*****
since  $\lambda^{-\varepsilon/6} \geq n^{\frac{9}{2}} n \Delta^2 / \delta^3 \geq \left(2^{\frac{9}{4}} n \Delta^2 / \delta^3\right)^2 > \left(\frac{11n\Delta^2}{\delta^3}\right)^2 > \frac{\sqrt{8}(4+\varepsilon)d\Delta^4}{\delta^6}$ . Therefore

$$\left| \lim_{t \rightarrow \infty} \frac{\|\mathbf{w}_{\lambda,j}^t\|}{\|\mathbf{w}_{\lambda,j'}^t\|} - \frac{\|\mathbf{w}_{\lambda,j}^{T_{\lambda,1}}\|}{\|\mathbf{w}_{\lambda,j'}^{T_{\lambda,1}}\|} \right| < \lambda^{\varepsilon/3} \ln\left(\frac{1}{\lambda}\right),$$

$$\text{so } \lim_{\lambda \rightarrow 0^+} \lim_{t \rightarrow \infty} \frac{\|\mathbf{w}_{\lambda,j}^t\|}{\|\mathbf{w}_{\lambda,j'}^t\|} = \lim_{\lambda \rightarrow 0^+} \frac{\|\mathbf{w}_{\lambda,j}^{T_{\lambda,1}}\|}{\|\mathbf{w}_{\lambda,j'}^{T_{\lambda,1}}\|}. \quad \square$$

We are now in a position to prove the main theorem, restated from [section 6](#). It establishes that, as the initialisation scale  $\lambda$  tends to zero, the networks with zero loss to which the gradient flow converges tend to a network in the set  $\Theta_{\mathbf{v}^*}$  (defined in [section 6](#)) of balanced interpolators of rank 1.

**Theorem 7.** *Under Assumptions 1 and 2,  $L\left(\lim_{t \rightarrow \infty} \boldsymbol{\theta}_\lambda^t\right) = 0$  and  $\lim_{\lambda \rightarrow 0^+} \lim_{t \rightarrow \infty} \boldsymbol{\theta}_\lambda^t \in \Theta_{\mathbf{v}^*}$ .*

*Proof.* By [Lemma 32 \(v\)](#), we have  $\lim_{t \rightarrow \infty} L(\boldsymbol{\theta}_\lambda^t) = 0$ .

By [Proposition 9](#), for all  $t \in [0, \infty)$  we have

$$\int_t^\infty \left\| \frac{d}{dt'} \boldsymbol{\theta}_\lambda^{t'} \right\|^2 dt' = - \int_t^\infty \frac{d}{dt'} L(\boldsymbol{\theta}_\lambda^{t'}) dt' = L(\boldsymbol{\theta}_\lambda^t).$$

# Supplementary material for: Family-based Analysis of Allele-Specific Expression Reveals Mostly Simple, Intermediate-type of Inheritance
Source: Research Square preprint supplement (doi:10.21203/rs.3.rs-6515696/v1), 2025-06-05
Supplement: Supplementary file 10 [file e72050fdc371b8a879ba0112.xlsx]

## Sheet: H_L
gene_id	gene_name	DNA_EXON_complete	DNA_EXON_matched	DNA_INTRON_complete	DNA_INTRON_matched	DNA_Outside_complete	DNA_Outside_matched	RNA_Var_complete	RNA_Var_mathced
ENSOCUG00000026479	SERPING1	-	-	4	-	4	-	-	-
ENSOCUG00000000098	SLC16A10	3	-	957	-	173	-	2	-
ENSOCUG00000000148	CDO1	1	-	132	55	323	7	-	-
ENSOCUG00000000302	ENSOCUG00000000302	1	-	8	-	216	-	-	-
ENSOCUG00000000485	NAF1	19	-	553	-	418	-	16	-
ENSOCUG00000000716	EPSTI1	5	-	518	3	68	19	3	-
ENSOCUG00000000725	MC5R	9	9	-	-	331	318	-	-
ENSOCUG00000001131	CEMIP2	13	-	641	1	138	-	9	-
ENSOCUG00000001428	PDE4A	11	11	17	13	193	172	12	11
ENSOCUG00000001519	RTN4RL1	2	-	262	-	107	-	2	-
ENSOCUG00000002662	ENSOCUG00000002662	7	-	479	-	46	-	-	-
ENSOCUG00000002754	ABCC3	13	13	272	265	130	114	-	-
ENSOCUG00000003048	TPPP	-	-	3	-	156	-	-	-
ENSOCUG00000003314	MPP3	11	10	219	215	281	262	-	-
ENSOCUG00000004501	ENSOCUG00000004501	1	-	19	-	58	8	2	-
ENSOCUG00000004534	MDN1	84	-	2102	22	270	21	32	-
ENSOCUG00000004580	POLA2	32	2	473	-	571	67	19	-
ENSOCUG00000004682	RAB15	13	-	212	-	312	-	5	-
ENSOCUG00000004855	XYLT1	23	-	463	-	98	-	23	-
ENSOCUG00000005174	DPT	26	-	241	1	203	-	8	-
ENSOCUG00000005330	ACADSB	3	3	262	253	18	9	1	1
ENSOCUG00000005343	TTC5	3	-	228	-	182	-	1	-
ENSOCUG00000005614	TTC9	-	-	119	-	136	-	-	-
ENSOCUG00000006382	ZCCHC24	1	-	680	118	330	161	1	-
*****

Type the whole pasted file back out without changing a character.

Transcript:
since  $\lambda^{-\varepsilon/6} \geq n^{\frac{9}{2}} n \Delta^2 / \delta^3 \geq \left(2^{\frac{9}{4}} n \Delta^2 / \delta^3\right)^2 > \left(\frac{11n\Delta^2}{\delta^3}\right)^2 > \frac{\sqrt{8}(4+\varepsilon)d\Delta^4}{\delta^6}$ . Therefore

$$\left| \lim_{t \rightarrow \infty} \frac{\|\mathbf{w}_{\lambda,j}^t\|}{\|\mathbf{w}_{\lambda,j'}^t\|} - \frac{\|\mathbf{w}_{\lambda,j}^{T_{\lambda,1}}\|}{\|\mathbf{w}_{\lambda,j'}^{T_{\lambda,1}}\|} \right| < \lambda^{\varepsilon/3} \ln\left(\frac{1}{\lambda}\right),$$

$$\text{so } \lim_{\lambda \rightarrow 0^+} \lim_{t \rightarrow \infty} \frac{\|\mathbf{w}_{\lambda,j}^t\|}{\|\mathbf{w}_{\lambda,j'}^t\|} = \lim_{\lambda \rightarrow 0^+} \frac{\|\mathbf{w}_{\lambda,j}^{T_{\lambda,1}}\|}{\|\mathbf{w}_{\lambda,j'}^{T_{\lambda,1}}\|}. \quad \square$$

We are now in a position to prove the main theorem, restated from [section 6](#). It establishes that, as the initialisation scale  $\lambda$  tends to zero, the networks with zero loss to which the gradient flow converges tend to a network in the set  $\Theta_{\mathbf{v}^*}$  (defined in [section 6](#)) of balanced interpolators of rank 1.

**Theorem 7.** *Under Assumptions 1 and 2,  $L\left(\lim_{t \rightarrow \infty} \boldsymbol{\theta}_\lambda^t\right) = 0$  and  $\lim_{\lambda \rightarrow 0^+} \lim_{t \rightarrow \infty} \boldsymbol{\theta}_\lambda^t \in \Theta_{\mathbf{v}^*}$ .*

*Proof.* By [Lemma 32 \(v\)](#), we have  $\lim_{t \rightarrow \infty} L(\boldsymbol{\theta}_\lambda^t) = 0$ .

By [Proposition 9](#), for all  $t \in [0, \infty)$  we have

$$\int_t^\infty \left\| \frac{d}{dt'} \boldsymbol{\theta}_\lambda^{t'} \right\|^2 dt' = - \int_t^\infty \frac{d}{dt'} L(\boldsymbol{\theta}_\lambda^{t'}) dt' = L(\boldsymbol{\theta}_\lambda^t).$$

# Supplementary material for: Family-based Analysis of Allele-Specific Expression Reveals Mostly Simple, Intermediate-type of Inheritance
Source: Research Square preprint supplement (doi:10.21203/rs.3.rs-6515696/v1), 2025-06-05
Supplement: Supplementary file 10 [file e72050fdc371b8a879ba0112.xlsx]

## Sheet: H_L
gene_id	gene_name	DNA_EXON_complete	DNA_EXON_matched	DNA_INTRON_complete	DNA_INTRON_matched	DNA_Outside_complete	DNA_Outside_matched	RNA_Var_complete	RNA_Var_mathced
ENSOCUG00000026479	SERPING1	-	-	4	-	4	-	-	-
ENSOCUG00000000098	SLC16A10	3	-	957	-	173	-	2	-
ENSOCUG00000000148	CDO1	1	-	132	55	323	7	-	-
ENSOCUG00000000302	ENSOCUG00000000302	1	-	8	-	216	-	-	-
ENSOCUG00000000485	NAF1	19	-	553	-	418	-	16	-
ENSOCUG00000000716	EPSTI1	5	-	518	3	68	19	3	-
ENSOCUG00000000725	MC5R	9	9	-	-	331	318	-	-
ENSOCUG00000001131	CEMIP2	13	-	641	1	138	-	9	-
ENSOCUG00000001428	PDE4A	11	11	17	13	193	172	12	11
ENSOCUG00000001519	RTN4RL1	2	-	262	-	107	-	2	-
ENSOCUG00000002662	ENSOCUG00000002662	7	-	479	-	46	-	-	-
ENSOCUG00000002754	ABCC3	13	13	272	265	130	114	-	-
ENSOCUG00000003048	TPPP	-	-	3	-	156	-	-	-
ENSOCUG00000003314	MPP3	11	10	219	215	281	262	-	-
ENSOCUG00000004501	ENSOCUG00000004501	1	-	19	-	58	8	2	-
ENSOCUG00000004534	MDN1	84	-	2102	22	270	21	32	-
ENSOCUG00000004580	POLA2	32	2	473	-	571	67	19	-
ENSOCUG00000004682	RAB15	13	-	212	-	312	-	5	-
ENSOCUG00000004855	XYLT1	23	-	463	-	98	-	23	-
ENSOCUG00000005174	DPT	26	-	241	1	203	-	8	-
ENSOCUG00000005330	ACADSB	3	3	262	253	18	9	1	1
ENSOCUG00000005343	TTC5	3	-	228	-	182	-	1	-
ENSOCUG00000005614	TTC9	-	-	119	-	136	-	-	-
ENSOCUG00000006382	ZCCHC24	1	-	680	118	330	161	1	-